One of the reasons I love historical novels is they transport the reader to another world in a way no contemporary story can—no matter how compelling. Reading a good historical romance is like going back in time. The period adds a lush, delicious layer to the escapism we all love to get from a captivating romance book.
There’s another side to writing historicals. A side that is less dreamy and more an intellectual challenge and constant labor of love for me as the writer. Research.
In order for escapism to work, there has to be detail. There has to be accuracy. The whole setup must be seamlessly convincing, full and rich, an intimate glimpse into our nation’s history and into the hearts and lives of the people who lived back then. How does a writer know about life on the frontier? Or how the people spoke or how they managed their chores? How would a writer even know what the chores were?
The answer is research—endless, constant research. When I’m writing an historical novel, I research before I start and continue checking sources throughout the development of the story. Both of these are important to the final product.
There are certain events I know I’ll have to research. Because the period of western expansion was one of rapid change, I always confirm political and geographical facts of the particular time period and location where my stories are set.
Some questions repeat themselves:
What parts of the country were settled during the period of the story? How regions were divided and what were the boundaries? What laws governed the people? Were there any specific, common known events that took place around the time period?
A settler’s journey westward can be as big a part of the story as a character’s life once they’ve reached the west, making the hardships of travel another substantial research topic. It certainly required a lot of my attention while I was writing Colin’s Quest! I started writing with the basic facts. As the story developed, I continued to research until I found the detail needed to create an accurate picture of easterners traveling west by wagon train.
I spent some time in college studying American history, which gave me a good knowledge base. As I’ve written and researched more and more, I’ve built on that knowledge. However, like anything else, I can always learn more.
When I write a romance, I need details that make the setting come alive. A readers expects to know how women’s clothes looked from one end of the country to the other, how a man protected his family from danger, and know how people expressed themselves. What were their social lives like? How would a young family have outfitted their kitchen? What did their cookware and dishes look like?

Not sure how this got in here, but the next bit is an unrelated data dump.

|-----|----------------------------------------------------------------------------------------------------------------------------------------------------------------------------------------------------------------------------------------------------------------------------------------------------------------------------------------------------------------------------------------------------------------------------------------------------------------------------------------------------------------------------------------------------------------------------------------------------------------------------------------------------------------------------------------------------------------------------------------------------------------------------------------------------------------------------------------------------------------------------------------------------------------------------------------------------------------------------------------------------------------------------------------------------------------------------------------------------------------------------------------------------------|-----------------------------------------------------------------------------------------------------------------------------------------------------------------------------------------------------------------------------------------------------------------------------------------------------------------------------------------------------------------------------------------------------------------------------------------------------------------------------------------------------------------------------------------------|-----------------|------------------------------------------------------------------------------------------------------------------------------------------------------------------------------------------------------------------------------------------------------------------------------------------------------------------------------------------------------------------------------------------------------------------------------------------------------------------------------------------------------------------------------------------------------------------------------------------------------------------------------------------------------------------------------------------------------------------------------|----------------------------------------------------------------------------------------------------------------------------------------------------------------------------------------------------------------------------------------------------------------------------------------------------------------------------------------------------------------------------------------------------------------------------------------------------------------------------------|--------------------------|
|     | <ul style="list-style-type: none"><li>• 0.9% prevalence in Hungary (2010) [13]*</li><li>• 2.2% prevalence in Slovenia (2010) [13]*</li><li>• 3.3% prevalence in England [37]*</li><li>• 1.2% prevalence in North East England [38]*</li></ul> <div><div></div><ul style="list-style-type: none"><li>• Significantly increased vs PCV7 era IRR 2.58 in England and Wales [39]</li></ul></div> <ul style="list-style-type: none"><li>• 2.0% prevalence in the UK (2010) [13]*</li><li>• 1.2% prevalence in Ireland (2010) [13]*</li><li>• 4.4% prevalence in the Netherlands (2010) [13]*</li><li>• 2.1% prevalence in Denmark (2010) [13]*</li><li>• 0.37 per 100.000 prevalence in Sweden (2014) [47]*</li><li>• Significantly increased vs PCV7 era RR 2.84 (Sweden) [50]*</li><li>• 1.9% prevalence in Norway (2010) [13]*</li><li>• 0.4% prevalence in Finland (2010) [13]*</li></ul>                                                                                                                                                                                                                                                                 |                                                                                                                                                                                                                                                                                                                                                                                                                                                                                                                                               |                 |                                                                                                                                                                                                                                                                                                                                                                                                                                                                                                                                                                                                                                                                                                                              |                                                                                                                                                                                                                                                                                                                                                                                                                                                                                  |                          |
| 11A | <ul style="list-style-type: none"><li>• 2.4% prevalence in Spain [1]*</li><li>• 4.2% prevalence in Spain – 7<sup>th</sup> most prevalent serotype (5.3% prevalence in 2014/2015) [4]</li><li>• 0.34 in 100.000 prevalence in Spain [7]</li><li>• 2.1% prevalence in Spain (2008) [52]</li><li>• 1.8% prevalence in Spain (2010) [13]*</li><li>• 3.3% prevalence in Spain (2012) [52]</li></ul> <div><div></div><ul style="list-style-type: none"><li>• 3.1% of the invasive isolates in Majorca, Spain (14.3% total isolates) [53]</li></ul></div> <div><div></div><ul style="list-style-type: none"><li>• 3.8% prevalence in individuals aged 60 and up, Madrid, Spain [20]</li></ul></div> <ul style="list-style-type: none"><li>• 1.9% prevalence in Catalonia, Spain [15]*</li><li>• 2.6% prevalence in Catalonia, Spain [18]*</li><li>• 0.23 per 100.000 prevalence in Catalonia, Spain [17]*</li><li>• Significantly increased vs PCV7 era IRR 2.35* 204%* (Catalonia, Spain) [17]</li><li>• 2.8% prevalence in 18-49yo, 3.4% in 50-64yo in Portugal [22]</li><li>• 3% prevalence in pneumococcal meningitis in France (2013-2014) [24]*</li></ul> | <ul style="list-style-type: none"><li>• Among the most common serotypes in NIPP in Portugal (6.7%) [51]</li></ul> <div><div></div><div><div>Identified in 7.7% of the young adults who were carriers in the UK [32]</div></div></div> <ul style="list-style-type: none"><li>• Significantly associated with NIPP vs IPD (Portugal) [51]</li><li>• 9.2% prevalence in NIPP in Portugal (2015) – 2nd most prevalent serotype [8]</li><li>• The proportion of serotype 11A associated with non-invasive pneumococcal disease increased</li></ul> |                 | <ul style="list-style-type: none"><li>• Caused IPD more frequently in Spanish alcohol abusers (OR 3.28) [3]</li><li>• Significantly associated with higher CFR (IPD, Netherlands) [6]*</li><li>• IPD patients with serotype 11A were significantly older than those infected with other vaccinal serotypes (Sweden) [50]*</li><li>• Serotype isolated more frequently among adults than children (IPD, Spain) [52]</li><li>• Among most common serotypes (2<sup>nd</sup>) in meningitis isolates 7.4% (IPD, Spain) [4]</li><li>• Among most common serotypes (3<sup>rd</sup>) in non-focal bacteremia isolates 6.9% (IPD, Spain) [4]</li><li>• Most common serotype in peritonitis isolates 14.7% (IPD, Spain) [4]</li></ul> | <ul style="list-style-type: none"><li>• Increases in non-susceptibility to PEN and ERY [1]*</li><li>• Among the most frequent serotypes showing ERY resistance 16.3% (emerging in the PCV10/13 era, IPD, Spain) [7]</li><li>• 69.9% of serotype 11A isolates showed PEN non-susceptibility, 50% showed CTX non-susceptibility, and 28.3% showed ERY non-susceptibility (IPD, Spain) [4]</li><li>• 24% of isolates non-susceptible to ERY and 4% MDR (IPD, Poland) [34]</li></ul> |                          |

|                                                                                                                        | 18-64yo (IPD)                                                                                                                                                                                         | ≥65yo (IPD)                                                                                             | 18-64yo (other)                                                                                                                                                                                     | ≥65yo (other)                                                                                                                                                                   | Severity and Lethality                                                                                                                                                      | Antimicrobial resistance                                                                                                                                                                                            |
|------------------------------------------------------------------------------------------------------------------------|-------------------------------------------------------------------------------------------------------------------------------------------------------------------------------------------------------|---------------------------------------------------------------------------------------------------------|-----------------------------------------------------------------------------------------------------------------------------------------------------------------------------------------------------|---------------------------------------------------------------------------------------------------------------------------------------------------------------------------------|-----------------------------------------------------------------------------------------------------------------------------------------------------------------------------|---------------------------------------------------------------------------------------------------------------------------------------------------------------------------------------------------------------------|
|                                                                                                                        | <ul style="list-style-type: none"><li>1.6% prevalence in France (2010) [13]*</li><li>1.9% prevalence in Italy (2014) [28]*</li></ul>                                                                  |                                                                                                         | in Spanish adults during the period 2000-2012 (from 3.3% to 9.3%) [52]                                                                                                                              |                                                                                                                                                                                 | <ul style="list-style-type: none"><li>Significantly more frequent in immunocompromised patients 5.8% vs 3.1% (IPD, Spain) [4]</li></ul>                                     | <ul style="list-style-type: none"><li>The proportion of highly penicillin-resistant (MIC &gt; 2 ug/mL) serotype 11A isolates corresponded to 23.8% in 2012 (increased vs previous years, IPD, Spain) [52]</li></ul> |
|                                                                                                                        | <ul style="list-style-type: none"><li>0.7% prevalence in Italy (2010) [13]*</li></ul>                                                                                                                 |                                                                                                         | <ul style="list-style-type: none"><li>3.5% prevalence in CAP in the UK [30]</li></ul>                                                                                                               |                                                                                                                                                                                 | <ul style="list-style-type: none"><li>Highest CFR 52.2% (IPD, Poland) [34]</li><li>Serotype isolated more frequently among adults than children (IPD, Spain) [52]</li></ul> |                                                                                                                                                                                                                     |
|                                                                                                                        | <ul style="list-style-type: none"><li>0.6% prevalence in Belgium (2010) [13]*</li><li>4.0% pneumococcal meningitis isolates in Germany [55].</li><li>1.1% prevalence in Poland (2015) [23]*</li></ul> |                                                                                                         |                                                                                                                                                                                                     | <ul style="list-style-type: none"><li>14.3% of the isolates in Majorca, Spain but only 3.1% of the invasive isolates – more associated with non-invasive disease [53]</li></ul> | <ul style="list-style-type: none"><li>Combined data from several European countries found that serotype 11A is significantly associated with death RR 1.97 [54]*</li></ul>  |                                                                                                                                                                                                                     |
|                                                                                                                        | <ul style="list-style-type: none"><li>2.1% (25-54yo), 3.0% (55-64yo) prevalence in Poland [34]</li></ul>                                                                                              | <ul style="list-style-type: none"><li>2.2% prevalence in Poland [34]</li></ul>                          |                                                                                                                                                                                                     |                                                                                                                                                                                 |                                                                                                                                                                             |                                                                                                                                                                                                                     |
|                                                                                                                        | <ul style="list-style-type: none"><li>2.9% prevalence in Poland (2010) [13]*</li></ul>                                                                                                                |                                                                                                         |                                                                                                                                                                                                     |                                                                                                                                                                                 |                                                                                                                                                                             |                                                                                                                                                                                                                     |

It’s these details I have to catch, correct, and fact-check as I’m writing. Sometimes I find myself backtracking because what first appears to be a simple factual error. I would be lying if I said this wasn’t challenging.
The great aspect about research is it builds on itself, and the process is a skill you can hone as a writer. Every time I create a story, every time I make and correct a mistake, I’ve learned for the next book. I use several resources over and over again, which are a godsend when I’m researching.
Here are a few of my favorites from my quick, convenient resource cheat sheet.
Webster’s Dictionary: I use two editions of the dictionary to check my word choice. For historicals, I always check the Webster’s 1828 online dictionary first. http://webstersdictionary1828.com If a word appears in this resource, I’m comfortable using it. The second is the current Webster’s online edition. The modern edition of Webster’s will often offer the approximate date of first usage.
www.HistoricalTidbits.blogspot.com: This blog is great for looking up whatever topic comes to mind during the creation of a story. The blog is authored by Lynn Coleman, a fellow historical novelist, so it’s no wonder the information she chooses to feature is so interesting and useful to me.
www.USHist.com: This is one of the resources I use to learn about period clothing. This site sells highly accurate, custom-made reproductions of frontier clothing, and is chock full of information and pictures of the everyday items of 19th century life. These folks are good enough that museums buy their wares!
Redwood’s Medical Edge http://jordynredwood.blogspot.com Let’s all take a moment to thank our lucky stars we don’t live with the medicine of the 19th century. Illness and injury are facts of life, and were even more so on the tough western frontier. This blog is dedicated to “Medical Fact for your Fiction” and has several posts about 1860s medicine. Some of it is pretty grisly, but interesting once you stop squirming in your chair.
www.IdiomSite.com: This one isn’t specifically historical, but it is helpful when a phrase is on the tip of my tongue.
Conner Prairie Interactive Park www.connerprairie.org This is a great resource for learning about the daily lives of women and families on the frontier. It is organized by a non-profit with a physical site in Indiana. There is plenty of helpful information and pictures on their website for writers or those who are simply curious.
I’ve enjoyed putting this post together and hope you find the information useful—as a reader or a writer!